Braun insists the new Advisory Council will “not replace existing structures and institutions,” but will “strengthen existing engagement and help to bundle the flow of information towards the federal government”.
A green bund?
In addition to setting up the Advisory Council, the new Government strategy includes a commitment to consider whether issuing green or sustainable bonds is “economically viable”. No firm decision has been made, but the announcement has already caused ripples.
“If the Bund turned green, that would be the second biggest signal to the market that one could possibly imagine, after Treasuries,” says Manuel Adamini, Head of Investor Engagement at the Climate Bonds Initiative.
Beyond long-standing and major issuance from KfW, the German green bond market has been excruciatingly slow to develop (again, this is partly down to the emphasis on bank lending, but green loans haven’t taken off either).
“On one hand, Germany has performed so extraordinarily well on renewables deployment, especially wind and solar, but at the same time so poorly on carbon emissions because of their coal consumption,” highlights Adamini. “That inconsistency is one reason why it’s hard to convince German issuers to launch green bonds – because the national trajectory isn’t clear, and invites cynicism.”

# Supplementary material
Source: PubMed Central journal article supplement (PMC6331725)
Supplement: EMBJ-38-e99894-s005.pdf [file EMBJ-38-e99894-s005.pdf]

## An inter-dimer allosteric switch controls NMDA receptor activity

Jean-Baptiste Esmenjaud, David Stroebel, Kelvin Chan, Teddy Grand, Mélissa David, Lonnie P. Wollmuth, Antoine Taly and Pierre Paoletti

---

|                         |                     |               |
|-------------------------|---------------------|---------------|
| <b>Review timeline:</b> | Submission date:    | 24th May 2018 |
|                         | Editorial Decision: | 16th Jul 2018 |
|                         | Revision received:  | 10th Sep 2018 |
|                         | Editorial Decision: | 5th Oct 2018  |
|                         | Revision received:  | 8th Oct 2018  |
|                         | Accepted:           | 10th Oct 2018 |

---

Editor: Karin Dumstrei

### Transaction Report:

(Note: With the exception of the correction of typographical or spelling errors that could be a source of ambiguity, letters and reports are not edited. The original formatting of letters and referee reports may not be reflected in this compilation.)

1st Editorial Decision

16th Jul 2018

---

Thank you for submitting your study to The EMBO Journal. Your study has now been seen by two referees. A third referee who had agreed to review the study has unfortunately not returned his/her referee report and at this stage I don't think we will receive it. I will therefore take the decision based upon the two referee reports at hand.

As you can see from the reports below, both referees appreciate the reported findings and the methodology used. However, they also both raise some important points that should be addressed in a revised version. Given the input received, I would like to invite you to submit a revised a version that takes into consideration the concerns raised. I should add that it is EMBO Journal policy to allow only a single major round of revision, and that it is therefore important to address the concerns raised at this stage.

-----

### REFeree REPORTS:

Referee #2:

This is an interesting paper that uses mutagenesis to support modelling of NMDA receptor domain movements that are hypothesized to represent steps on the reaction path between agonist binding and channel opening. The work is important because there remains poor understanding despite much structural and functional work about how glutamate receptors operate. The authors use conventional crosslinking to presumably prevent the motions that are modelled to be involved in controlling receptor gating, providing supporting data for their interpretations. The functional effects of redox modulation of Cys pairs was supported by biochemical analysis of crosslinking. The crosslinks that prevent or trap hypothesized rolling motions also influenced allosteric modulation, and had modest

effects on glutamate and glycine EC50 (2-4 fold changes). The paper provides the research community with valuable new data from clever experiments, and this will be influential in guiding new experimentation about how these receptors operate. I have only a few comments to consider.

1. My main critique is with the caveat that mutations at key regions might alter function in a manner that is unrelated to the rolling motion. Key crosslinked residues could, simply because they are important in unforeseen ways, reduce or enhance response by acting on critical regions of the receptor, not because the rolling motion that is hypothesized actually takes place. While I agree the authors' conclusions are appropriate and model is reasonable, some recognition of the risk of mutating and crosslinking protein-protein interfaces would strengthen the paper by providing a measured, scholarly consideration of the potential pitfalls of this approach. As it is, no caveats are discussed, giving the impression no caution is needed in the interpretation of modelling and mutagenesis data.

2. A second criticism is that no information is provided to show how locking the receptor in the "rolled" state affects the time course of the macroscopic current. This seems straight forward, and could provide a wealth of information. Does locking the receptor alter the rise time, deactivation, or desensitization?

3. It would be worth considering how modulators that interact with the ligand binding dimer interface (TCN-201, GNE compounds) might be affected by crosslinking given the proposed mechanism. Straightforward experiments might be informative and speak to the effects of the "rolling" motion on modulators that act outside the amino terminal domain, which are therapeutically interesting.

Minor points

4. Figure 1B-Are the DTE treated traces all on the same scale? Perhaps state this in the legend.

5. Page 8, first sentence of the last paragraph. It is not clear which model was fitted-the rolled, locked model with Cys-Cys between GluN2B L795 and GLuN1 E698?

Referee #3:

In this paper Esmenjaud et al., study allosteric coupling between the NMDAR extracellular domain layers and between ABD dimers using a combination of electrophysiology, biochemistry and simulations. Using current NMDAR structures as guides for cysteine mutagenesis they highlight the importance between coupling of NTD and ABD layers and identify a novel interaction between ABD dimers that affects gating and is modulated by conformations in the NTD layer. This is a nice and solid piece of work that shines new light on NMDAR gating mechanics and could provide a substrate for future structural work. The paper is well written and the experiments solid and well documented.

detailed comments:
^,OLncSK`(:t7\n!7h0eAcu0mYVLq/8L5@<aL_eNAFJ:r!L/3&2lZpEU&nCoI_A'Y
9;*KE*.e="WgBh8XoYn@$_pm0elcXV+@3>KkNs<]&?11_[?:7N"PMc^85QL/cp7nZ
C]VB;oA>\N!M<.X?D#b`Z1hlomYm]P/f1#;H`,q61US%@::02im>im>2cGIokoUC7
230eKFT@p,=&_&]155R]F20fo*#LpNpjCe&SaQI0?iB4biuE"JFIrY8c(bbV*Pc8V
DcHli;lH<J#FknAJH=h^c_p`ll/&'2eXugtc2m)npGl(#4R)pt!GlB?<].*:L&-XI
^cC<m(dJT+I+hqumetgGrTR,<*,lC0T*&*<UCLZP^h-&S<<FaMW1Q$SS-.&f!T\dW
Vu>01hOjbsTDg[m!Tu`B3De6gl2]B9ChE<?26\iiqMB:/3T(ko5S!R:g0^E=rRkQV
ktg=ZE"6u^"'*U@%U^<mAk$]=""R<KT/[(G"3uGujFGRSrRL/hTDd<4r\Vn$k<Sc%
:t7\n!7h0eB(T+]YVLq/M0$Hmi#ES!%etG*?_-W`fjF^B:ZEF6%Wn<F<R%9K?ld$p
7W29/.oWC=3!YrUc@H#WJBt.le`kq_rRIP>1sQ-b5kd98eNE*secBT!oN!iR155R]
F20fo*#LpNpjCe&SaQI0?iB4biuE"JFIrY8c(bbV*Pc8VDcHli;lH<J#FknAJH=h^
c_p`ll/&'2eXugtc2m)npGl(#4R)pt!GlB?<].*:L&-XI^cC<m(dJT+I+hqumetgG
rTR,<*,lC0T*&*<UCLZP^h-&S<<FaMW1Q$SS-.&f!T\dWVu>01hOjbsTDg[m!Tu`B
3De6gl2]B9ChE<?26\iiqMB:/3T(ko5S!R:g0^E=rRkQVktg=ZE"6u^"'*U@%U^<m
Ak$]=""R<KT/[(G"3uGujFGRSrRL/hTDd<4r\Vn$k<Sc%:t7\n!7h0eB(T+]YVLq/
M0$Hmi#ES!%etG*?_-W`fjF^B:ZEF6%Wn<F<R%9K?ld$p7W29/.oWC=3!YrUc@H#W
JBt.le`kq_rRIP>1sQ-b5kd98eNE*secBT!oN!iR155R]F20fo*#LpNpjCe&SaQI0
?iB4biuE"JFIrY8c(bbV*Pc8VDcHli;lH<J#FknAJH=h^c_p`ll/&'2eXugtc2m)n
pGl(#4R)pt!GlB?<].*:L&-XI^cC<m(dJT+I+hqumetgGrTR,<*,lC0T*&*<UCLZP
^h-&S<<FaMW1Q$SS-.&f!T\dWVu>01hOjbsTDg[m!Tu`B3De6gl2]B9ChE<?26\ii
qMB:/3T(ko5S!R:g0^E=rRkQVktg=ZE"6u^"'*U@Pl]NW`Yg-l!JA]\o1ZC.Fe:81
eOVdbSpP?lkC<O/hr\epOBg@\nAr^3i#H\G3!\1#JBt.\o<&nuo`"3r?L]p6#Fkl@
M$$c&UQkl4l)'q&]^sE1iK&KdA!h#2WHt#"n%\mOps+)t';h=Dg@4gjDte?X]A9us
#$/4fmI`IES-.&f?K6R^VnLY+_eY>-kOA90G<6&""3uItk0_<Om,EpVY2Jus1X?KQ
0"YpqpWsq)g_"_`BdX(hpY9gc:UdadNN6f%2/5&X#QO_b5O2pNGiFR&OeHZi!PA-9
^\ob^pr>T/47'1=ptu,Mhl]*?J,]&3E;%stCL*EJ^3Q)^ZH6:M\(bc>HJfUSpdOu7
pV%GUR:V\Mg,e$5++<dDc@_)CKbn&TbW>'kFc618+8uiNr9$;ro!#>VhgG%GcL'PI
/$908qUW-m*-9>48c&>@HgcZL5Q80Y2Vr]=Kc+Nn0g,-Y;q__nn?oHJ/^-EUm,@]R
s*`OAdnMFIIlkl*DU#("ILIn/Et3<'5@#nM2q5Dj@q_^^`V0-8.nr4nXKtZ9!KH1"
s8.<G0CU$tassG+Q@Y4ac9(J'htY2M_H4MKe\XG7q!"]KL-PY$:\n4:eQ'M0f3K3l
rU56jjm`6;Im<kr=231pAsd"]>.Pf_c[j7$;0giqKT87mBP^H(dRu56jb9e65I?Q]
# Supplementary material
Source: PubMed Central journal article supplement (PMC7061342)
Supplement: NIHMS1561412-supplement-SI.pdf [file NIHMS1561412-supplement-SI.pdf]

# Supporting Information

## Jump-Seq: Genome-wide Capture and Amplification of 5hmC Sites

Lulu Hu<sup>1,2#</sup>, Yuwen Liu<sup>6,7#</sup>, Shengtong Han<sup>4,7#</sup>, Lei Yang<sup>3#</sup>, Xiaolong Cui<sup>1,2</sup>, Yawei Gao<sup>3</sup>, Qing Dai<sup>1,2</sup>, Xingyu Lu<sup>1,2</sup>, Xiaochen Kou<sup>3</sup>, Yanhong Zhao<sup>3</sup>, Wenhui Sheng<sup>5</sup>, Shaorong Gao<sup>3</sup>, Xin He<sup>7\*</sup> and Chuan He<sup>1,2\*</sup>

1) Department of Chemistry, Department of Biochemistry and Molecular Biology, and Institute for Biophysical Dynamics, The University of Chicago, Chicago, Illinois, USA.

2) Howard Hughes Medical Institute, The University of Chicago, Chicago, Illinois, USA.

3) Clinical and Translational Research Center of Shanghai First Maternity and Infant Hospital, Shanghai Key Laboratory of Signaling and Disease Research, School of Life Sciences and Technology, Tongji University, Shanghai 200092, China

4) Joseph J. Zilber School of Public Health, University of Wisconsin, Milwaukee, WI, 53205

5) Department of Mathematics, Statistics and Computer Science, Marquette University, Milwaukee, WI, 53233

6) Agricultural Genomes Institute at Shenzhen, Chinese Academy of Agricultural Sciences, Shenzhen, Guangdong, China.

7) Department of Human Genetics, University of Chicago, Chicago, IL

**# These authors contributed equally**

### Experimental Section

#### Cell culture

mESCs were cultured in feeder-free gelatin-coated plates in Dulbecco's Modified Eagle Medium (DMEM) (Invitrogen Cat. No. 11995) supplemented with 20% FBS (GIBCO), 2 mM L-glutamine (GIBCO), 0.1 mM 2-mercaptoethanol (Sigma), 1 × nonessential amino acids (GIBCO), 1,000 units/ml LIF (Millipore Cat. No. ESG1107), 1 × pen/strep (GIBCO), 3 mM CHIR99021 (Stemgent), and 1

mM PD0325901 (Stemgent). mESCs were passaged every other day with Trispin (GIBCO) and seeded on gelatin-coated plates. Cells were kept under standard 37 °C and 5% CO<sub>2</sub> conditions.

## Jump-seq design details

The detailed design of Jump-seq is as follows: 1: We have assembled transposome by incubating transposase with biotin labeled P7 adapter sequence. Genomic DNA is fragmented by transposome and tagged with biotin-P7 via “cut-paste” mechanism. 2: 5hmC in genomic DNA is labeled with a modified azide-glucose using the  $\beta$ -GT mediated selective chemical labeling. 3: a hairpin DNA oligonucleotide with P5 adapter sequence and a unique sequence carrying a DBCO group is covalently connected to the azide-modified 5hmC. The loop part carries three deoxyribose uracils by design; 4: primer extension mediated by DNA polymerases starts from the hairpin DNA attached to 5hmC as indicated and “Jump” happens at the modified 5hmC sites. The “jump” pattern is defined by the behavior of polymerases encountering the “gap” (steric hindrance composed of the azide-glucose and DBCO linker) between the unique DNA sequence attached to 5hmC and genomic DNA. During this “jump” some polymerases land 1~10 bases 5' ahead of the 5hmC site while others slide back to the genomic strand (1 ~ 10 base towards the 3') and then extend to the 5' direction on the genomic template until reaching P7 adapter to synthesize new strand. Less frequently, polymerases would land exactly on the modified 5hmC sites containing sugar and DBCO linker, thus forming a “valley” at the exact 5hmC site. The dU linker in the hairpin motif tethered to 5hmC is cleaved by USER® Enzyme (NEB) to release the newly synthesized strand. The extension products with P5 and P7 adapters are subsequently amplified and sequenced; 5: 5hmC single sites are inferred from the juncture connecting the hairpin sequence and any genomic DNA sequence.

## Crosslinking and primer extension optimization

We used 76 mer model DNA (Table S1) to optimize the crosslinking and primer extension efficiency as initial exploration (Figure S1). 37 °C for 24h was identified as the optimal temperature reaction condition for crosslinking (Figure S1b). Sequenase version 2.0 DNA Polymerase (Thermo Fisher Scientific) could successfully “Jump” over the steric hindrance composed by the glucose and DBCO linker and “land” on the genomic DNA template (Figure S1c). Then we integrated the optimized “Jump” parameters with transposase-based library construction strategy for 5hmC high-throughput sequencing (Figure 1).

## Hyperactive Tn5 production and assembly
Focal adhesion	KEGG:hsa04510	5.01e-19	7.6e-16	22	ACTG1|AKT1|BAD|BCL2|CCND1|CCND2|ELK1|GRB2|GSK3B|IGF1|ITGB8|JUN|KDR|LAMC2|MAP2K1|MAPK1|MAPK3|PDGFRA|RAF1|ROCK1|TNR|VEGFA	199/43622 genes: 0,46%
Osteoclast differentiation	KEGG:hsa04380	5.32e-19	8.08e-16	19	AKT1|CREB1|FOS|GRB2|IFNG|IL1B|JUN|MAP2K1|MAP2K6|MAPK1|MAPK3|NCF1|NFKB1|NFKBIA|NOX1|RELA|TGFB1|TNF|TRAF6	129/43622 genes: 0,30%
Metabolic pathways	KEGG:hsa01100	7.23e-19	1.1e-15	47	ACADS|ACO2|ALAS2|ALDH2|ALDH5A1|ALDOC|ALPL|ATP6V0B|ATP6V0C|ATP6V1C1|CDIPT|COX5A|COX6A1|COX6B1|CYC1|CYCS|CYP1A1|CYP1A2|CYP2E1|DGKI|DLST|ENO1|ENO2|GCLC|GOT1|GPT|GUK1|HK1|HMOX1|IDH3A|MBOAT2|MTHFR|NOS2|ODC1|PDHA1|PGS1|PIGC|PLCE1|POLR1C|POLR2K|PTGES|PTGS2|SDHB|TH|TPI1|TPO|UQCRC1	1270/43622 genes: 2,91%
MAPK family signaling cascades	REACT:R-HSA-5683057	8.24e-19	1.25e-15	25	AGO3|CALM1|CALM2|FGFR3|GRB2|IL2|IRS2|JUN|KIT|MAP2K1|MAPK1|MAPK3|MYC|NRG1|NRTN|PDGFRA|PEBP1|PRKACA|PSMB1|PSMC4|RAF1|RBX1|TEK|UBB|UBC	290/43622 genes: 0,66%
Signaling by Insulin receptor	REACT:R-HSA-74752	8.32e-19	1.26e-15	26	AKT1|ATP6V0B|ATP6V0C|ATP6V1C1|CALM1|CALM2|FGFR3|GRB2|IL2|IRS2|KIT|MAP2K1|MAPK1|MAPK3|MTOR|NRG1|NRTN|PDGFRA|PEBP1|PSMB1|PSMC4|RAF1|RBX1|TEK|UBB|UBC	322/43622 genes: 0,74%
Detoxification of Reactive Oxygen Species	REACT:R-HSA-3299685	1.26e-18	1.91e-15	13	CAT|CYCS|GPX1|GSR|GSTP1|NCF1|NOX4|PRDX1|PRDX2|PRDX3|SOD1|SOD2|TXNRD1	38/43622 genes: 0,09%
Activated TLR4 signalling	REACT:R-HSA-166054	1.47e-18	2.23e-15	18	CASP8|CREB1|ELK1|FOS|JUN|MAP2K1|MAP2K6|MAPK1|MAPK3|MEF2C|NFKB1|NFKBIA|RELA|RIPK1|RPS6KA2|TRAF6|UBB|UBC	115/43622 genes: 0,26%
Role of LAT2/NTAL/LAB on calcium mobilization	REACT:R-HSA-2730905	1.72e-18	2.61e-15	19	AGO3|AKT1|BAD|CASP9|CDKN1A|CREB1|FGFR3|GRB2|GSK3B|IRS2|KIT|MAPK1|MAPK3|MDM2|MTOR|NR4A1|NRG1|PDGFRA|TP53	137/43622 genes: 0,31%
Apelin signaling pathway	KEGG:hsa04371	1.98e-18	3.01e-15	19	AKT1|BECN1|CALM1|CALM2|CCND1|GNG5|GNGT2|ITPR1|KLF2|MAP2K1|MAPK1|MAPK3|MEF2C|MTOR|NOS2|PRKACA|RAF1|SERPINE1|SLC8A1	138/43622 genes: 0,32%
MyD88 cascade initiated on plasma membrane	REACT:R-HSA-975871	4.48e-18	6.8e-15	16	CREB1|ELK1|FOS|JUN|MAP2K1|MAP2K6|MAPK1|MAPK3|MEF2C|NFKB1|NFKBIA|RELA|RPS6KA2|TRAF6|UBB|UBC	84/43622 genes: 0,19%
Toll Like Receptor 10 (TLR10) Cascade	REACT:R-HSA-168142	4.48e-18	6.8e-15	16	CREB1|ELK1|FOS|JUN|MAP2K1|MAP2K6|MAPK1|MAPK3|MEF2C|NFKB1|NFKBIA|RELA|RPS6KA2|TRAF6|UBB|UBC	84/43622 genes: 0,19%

But a boost from a sovereign deal could encourage big companies to rethink issuing, he says. “Germany is a very hierarchical, top-down market, so once that happens, there will be an awful lot of CEOs that take note and consider whether they can be seen as not following suit.”
Notably, the annual general meeting of the Green Bond Principles is being held in Frankfurt this year, for the first time, which Adamini says “points to something, and will be a very positive signal to the market too”.
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h6. Reining in Brussels
While the new agenda from Government might tackle some of the areas where Germany has attracted criticism so far – central bank engagement and potential sovereign issuance, for starters – there is another area where Germany has developed a reputation for being ‘anti-ESG’ in recent years. Insiders say the country’s attitude to the EU’s Action Plan on Sustainable Finance has sparked genuine concerns within the European Commission that Germany will flex its muscles at Council and Parliament to rein in the agenda. In March, this played out through the Parliamentary vote on the green taxonomy, when German MEP Markus Ferber (part of the European People’s Party) led a major push back against planned amendments to the proposal, which would have made it more ambitious.